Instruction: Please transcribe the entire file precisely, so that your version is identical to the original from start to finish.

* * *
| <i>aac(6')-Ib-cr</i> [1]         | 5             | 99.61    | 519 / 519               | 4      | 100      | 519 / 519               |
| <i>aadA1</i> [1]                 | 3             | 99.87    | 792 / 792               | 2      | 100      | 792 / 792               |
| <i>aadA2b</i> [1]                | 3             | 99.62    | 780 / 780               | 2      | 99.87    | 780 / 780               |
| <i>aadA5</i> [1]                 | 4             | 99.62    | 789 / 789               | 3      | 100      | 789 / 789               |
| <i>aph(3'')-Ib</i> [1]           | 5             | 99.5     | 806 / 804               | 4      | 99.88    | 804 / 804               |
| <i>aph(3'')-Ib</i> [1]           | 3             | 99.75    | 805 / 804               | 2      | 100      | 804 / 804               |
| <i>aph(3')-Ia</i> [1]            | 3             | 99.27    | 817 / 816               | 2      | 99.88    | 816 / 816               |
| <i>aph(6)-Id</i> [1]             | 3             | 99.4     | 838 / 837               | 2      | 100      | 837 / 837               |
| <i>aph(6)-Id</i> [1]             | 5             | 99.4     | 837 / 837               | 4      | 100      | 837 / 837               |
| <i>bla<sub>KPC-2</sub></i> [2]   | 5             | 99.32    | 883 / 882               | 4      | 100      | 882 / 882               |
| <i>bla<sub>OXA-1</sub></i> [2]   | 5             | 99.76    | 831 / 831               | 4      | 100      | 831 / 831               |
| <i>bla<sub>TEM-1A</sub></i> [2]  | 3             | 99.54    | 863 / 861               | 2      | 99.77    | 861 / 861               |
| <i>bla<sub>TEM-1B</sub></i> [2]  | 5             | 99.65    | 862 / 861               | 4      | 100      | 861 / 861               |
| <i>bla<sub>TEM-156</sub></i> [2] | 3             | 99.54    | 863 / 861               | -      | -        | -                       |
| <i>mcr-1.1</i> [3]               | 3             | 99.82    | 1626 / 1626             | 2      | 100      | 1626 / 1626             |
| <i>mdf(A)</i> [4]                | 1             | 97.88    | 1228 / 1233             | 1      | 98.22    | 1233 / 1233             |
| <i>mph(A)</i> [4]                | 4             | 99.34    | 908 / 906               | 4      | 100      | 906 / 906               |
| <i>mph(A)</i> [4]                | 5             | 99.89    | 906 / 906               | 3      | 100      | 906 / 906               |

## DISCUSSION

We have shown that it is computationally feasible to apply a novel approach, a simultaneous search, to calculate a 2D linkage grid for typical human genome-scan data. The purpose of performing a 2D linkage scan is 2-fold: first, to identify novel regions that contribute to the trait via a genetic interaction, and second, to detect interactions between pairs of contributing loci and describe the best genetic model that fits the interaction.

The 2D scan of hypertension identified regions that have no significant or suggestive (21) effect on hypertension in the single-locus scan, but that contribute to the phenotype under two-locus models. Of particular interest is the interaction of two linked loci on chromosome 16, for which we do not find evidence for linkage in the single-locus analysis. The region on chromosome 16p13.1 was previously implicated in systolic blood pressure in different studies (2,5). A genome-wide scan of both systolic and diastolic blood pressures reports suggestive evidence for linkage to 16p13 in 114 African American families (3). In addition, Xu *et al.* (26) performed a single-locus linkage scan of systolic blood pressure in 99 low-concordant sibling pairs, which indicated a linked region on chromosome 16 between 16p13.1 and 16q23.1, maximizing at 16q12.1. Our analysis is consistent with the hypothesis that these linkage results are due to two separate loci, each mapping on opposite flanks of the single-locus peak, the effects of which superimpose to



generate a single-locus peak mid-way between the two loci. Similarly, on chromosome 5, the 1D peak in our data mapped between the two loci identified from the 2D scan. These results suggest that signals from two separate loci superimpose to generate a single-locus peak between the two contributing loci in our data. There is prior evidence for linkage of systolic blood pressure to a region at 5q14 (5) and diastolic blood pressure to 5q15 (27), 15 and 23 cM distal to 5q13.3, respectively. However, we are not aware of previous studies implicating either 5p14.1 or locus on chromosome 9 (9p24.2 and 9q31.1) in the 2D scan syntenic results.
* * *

| <i>aac(6')-Ib-cr</i> [1]         | 5             | 99.61    | 519 / 519               | 4      | 100      | 519 / 519               |
| <i>aadA1</i> [1]                 | 3             | 99.87    | 792 / 792               | 2      | 100      | 792 / 792               |
| <i>aadA2b</i> [1]                | 3             | 99.62    | 780 / 780               | 2      | 99.87    | 780 / 780               |
| <i>aadA5</i> [1]                 | 4             | 99.62    | 789 / 789               | 3      | 100      | 789 / 789               |
| <i>aph(3'')-Ib</i> [1]           | 5             | 99.5     | 806 / 804               | 4      | 99.88    | 804 / 804               |
| <i>aph(3'')-Ib</i> [1]           | 3             | 99.75    | 805 / 804               | 2      | 100      | 804 / 804               |
| <i>aph(3')-Ia</i> [1]            | 3             | 99.27    | 817 / 816               | 2      | 99.88    | 816 / 816               |
| <i>aph(6)-Id</i> [1]             | 3             | 99.4     | 838 / 837               | 2      | 100      | 837 / 837               |
| <i>aph(6)-Id</i> [1]             | 5             | 99.4     | 837 / 837               | 4      | 100      | 837 / 837               |
| <i>bla<sub>KPC-2</sub></i> [2]   | 5             | 99.32    | 883 / 882               | 4      | 100      | 882 / 882               |
| <i>bla<sub>OXA-1</sub></i> [2]   | 5             | 99.76    | 831 / 831               | 4      | 100      | 831 / 831               |
| <i>bla<sub>TEM-1A</sub></i> [2]  | 3             | 99.54    | 863 / 861               | 2      | 99.77    | 861 / 861               |
| <i>bla<sub>TEM-1B</sub></i> [2]  | 5             | 99.65    | 862 / 861               | 4      | 100      | 861 / 861               |
| <i>bla<sub>TEM-156</sub></i> [2] | 3             | 99.54    | 863 / 861               | -      | -        | -                       |
| <i>mcr-1.1</i> [3]               | 3             | 99.82    | 1626 / 1626             | 2      | 100      | 1626 / 1626             |
| <i>mdf(A)</i> [4]                | 1             | 97.88    | 1228 / 1233             | 1      | 98.22    | 1233 / 1233             |
| <i>mph(A)</i> [4]                | 4             | 99.34    | 908 / 906               | 4      | 100      | 906 / 906               |
| <i>mph(A)</i> [4]                | 5             | 99.89    | 906 / 906               | 3      | 100      | 906 / 906               |

## DISCUSSION

We have shown that it is computationally feasible to apply a novel approach, a simultaneous search, to calculate a 2D linkage grid for typical human genome-scan data. The purpose of performing a 2D linkage scan is 2-fold: first, to identify novel regions that contribute to the trait via a genetic interaction, and second, to detect interactions between pairs of contributing loci and describe the best genetic model that fits the interaction.

The 2D scan of hypertension identified regions that have no significant or suggestive (21) effect on hypertension in the single-locus scan, but that contribute to the phenotype under two-locus models. Of particular interest is the interaction of two linked loci on chromosome 16, for which we do not find evidence for linkage in the single-locus analysis. The region on chromosome 16p13.1 was previously implicated in systolic blood pressure in different studies (2,5). A genome-wide scan of both systolic and diastolic blood pressures reports suggestive evidence for linkage to 16p13 in 114 African American families (3). In addition, Xu *et al.* (26) performed a single-locus linkage scan of systolic blood pressure in 99 low-concordant sibling pairs, which indicated a linked region on chromosome 16 between 16p13.1 and 16q23.1, maximizing at 16q12.1. Our analysis is consistent with the hypothesis that these linkage results are due to two separate loci, each mapping on opposite flanks of the single-locus peak, the effects of which superimpose to



generate a single-locus peak mid-way between the two loci. Similarly, on chromosome 5, the 1D peak in our data mapped between the two loci identified from the 2D scan. These results suggest that signals from two separate loci superimpose to generate a single-locus peak between the two contributing loci in our data. There is prior evidence for linkage of systolic blood pressure to a region at 5q14 (5) and diastolic blood pressure to 5q15 (27), 15 and 23 cM distal to 5q13.3, respectively. However, we are not aware of previous studies implicating either 5p14.1 or locus on chromosome 9 (9p24.2 and 9q31.1) in the 2D scan syntenic results.